We came up with 40 official D&D races optimized to play a fighter. That is a lot variety. When you factor in the seven different martial archetype subclasses to choose from you’ve got a lot of combinations.
Over the years Dungeons & Dragons has offered many different races for players to choose from. I know that some Dungeon Masters are very much against anything that does not look normal. Let’s forget the dragonborn and tielfing and play with humans, dwarves, elves, gnomes and halflings. With those races there are plenty of options even without all the subrace choices. But if you are like me you enjoy all the choices and you want to play the things that are bizarre and interesting. If you happen to look around this site you will see many different monstrous humanoids I statted out for 5E D&D and even made up some of my own, so feel free to poke around. I’ve had a fondness for monstrous humanoid races from the beginning of my roleplaying days. The Complete Book of Humanoids was always my favorite, with races like the wemic, the ogre mage and of course the dino people — saurials. I used this book over and over again playing second edition AD&D. And now Deck of Many has an free PDF designed for anyone who enjoys anthropomorphic characters for 5E D&D.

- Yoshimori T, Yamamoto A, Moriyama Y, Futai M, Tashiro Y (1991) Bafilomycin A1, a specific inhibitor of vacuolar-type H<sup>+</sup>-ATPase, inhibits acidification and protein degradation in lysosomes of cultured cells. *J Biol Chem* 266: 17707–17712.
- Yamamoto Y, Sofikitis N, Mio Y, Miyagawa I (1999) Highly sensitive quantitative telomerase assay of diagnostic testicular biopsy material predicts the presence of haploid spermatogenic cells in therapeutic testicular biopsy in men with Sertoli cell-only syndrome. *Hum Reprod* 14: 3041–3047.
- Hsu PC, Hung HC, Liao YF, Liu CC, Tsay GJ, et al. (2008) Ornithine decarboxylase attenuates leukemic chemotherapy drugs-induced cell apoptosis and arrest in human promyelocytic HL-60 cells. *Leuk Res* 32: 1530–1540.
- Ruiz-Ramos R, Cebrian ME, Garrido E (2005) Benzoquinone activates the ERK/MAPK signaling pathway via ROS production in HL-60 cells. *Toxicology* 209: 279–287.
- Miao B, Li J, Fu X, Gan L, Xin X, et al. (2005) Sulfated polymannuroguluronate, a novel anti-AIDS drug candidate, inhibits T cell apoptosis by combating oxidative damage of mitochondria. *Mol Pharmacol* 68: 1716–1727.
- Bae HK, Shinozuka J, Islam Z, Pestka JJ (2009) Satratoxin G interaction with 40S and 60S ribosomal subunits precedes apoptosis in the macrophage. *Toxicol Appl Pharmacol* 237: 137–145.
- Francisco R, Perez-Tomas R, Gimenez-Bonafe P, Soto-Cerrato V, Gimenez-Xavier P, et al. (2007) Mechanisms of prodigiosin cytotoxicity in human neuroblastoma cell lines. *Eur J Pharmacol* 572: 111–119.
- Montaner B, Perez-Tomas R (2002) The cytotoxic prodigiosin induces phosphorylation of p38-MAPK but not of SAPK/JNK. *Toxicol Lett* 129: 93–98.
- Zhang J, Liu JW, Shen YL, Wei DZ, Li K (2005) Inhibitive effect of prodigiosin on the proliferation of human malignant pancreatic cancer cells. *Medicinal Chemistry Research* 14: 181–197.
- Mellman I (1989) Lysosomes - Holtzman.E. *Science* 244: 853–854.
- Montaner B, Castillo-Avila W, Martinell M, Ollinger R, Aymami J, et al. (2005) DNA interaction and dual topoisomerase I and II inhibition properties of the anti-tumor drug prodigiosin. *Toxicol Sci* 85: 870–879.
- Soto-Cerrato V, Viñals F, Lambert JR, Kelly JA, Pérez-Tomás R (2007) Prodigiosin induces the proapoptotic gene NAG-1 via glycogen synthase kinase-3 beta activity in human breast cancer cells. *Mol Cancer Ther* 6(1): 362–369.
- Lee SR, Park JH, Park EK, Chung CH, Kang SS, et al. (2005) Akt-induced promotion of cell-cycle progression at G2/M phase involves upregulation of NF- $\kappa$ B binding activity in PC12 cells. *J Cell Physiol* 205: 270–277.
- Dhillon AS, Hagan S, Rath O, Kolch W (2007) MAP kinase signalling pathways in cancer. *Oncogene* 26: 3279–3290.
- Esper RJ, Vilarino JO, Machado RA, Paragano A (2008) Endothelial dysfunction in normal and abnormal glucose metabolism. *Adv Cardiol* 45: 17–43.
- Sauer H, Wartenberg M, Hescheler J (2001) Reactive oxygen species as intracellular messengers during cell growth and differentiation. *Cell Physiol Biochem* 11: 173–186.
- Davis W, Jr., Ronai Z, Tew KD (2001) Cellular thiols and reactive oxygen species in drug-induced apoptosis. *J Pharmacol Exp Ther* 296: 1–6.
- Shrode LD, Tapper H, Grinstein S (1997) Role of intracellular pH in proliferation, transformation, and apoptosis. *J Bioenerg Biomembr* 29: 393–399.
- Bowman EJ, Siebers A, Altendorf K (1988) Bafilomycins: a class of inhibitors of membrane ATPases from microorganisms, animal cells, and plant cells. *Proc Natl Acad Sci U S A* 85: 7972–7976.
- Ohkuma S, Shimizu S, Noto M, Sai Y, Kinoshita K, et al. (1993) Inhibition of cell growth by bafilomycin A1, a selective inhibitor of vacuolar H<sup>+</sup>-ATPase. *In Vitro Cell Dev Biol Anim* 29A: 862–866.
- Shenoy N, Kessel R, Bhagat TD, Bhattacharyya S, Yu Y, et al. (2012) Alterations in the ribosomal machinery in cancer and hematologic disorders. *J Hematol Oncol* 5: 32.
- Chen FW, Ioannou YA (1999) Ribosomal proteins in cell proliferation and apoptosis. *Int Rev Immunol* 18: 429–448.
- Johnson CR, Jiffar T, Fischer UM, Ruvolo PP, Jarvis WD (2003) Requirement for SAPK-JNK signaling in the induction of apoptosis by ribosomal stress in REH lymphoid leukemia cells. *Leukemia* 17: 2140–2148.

Let’s fix the archmage in 5E D&D, starting with the spell loadout. Greetings fellow nerds, nerdettes, and gamers! I am your humble host Kenneth Woody (aka Melkor the Mage), and today we’ll be discussing ways to fix a monster that a lot of 5E D&D worlds have — the archmage.
Nerdarchy set out to come up with the best races to play a paladin. We had to comb through all the current D&D books to find the answer to the question. The purpose of our discussion is to figure the optimal mechanical D&D race selection.
Disclaimer: Best is for the most part subjective. We are speaking purely from a mechanics stand point. Fun is a personal matter for each person to determine for themselves.
Below we’ve broken down our race selections based on different criteria. Those criteria are relevant ability score modifiers, racial traits, and thematic elements. In this case for the paladin we are looking at Charisma as the prime ability score, followed by strength. We also include a Charisma- and Dexterity-based build as well. Finally there is the concept of the unorthodox character build that doesn’t worry about ability score placement as heavily.
One of the greatest things about being a D&D player these days is the opportunities to game with lots of different people. Whether it’s through Adventurers League, online games or the huge number of people out there excited or curious to try fifth edition Dungeons & Dragons to invite to the table at home, I’ve been fortunate to play way more D&D than ever before in my 30 years of gaming. It’s provided so many chances to improve as a Dungeon Master and as a player. And I’ve learned that running D&D benefits your time as a player and vice versa. You can learn a lot about what you enjoy as a player through being a DM, and carry what you learn as a DM to the other side of the screen, too.